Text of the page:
Among the laundry list of reasons why a healthy BMI (body mass index) is beneficial is that it has been known to significantly reduce your risk of cancer, as well as several other diseases including heart disease and diabetes. “One reason for this is that body fat produces estrogen, which increases the risk of developing breast cancer,” explains Dennis Holmes, MD, breast cancer surgeon and researcher and interim director of the Margie Petersen Breast Center at John Wayne Cancer Institute at Providence Saint John’s Health Center in Santa Monica, California. This is even more important as we get older, as Dr. Newman notes that women who are overweight or obese after menopause have a 30 to 60 percent higher breast cancer risk compared to those who are lean. Aim for a BMI that is between 18.5 to 24.9, as anything above is considered overweight and anything above 30 is considered obese. Find out how else BMI may affect your health.
Exercise several times a week
According to Marc Hurlbert, PhD, breast cancer specialist and chief mission officer for the Breast Cancer Research Foundation, physical activity may be the most potent lifestyle factor in reducing the risk of breast cancer, especially after menopause. “It not only helps in achieving and maintaining a healthy weight, but exercise also reduces the levels of metabolic hormones including insulin and leptin, and it reduces levels of estrogen, all of which promote tumor growth,” he says. “Exercise may be most beneficial in overweight women who may have high levels of insulin and estrogen.” The American Cancer Society recommends that adults get at least 150 minutes of moderate-intensity—or 75 minutes of vigorous-intensity activity—each week, preferably spread throughout the week. Find out 15 breast cancer myths you can safely ignore.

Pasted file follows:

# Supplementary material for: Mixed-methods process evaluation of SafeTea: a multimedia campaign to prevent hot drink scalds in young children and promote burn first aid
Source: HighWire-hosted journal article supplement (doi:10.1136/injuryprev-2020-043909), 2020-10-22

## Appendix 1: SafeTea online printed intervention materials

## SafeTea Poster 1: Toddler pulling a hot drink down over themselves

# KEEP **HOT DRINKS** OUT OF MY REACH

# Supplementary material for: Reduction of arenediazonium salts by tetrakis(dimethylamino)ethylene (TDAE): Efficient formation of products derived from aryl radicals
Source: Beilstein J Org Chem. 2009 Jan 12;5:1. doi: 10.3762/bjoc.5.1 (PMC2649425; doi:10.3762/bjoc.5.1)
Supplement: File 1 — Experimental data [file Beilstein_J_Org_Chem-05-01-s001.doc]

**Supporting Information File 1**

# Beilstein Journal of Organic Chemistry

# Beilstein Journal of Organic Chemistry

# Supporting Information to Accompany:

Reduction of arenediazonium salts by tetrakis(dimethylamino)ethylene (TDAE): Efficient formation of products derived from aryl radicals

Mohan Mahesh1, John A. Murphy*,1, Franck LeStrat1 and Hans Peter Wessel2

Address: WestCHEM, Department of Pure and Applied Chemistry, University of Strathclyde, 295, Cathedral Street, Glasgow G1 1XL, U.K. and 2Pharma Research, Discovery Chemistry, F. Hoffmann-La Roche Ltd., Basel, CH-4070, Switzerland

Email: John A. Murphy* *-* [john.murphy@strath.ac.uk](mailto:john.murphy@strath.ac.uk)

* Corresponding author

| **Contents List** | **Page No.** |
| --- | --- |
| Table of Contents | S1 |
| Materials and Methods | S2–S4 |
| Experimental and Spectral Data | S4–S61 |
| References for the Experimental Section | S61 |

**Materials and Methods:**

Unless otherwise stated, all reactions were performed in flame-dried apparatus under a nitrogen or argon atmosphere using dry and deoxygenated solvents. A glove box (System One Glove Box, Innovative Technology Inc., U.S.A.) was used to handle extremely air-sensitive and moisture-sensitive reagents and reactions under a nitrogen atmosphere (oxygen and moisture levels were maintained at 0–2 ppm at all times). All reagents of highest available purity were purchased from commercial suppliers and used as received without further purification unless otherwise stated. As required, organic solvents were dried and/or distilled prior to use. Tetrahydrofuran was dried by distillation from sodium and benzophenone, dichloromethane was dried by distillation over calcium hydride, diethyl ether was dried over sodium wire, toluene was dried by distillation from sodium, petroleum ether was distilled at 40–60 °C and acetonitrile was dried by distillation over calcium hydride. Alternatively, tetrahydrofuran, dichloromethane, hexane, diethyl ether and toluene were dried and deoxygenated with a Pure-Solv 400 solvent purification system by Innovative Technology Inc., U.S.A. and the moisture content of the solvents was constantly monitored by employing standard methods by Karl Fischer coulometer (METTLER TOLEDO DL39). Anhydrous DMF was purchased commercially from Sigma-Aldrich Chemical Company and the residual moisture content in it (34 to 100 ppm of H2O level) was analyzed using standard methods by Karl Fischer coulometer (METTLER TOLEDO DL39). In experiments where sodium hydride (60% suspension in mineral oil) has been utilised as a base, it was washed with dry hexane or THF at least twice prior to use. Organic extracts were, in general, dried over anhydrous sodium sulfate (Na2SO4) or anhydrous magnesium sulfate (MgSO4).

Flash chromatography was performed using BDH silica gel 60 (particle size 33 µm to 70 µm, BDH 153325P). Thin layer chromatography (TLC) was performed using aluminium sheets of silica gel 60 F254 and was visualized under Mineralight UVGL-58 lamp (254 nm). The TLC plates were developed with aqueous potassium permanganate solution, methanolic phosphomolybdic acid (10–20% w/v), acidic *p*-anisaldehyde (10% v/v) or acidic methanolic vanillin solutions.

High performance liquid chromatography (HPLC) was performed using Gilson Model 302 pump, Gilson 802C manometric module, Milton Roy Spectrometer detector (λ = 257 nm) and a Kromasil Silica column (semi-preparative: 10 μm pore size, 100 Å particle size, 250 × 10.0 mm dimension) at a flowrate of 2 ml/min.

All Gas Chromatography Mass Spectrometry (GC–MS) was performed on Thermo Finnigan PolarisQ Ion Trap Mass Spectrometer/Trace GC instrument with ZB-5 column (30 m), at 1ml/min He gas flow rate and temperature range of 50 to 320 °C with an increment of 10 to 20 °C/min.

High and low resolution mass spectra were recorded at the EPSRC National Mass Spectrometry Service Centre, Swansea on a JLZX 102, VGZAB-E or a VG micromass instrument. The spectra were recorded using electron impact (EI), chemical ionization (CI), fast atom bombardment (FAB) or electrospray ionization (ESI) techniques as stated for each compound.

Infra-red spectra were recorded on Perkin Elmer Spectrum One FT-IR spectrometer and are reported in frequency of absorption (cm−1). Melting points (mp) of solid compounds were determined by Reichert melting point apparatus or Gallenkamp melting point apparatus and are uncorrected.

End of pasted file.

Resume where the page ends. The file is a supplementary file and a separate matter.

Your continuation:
Watch your diet
When it comes to maintaining a healthy weight, diet goes hand-in-hand with exercise. “Changes to your body as you age, and especially after menopause, make it necessary to change lifestyle and eating habits to maintain a healthy weight,” Dr. Kakkis explains. She recommends the Mediterranean diet, which incorporates a lot of fresh vegetables, healthy sources of fats, lean protein sources, and whole grains. “All of these, especially when coupled together, benefit your cardiovascular system and lead to a substantial amount of health benefits.” She does note, however, that even with a healthy diet, portion sizes should be appropriate, with the largest food group in each meal being vegetables. Also, do your best to eliminate preservative-laden foods, especially nitrates, as well as hormone and pesticide additives. “Soy concentrated products should be avoided by high-risk persons or breast cancer survivors, (soy supplements, soy milk, etc.) and natural food sources of soy, such as tofu should be limited to three small servings per day,” she says. “Using proper oils for deep frying is important, as oils that are heated past their optimal temperature develop chemicals known to cause cancer to enter the food.” Peanut oil is an example of an oil that can be used for deep frying. Find out more easy ways to make your diet more Mediterranean.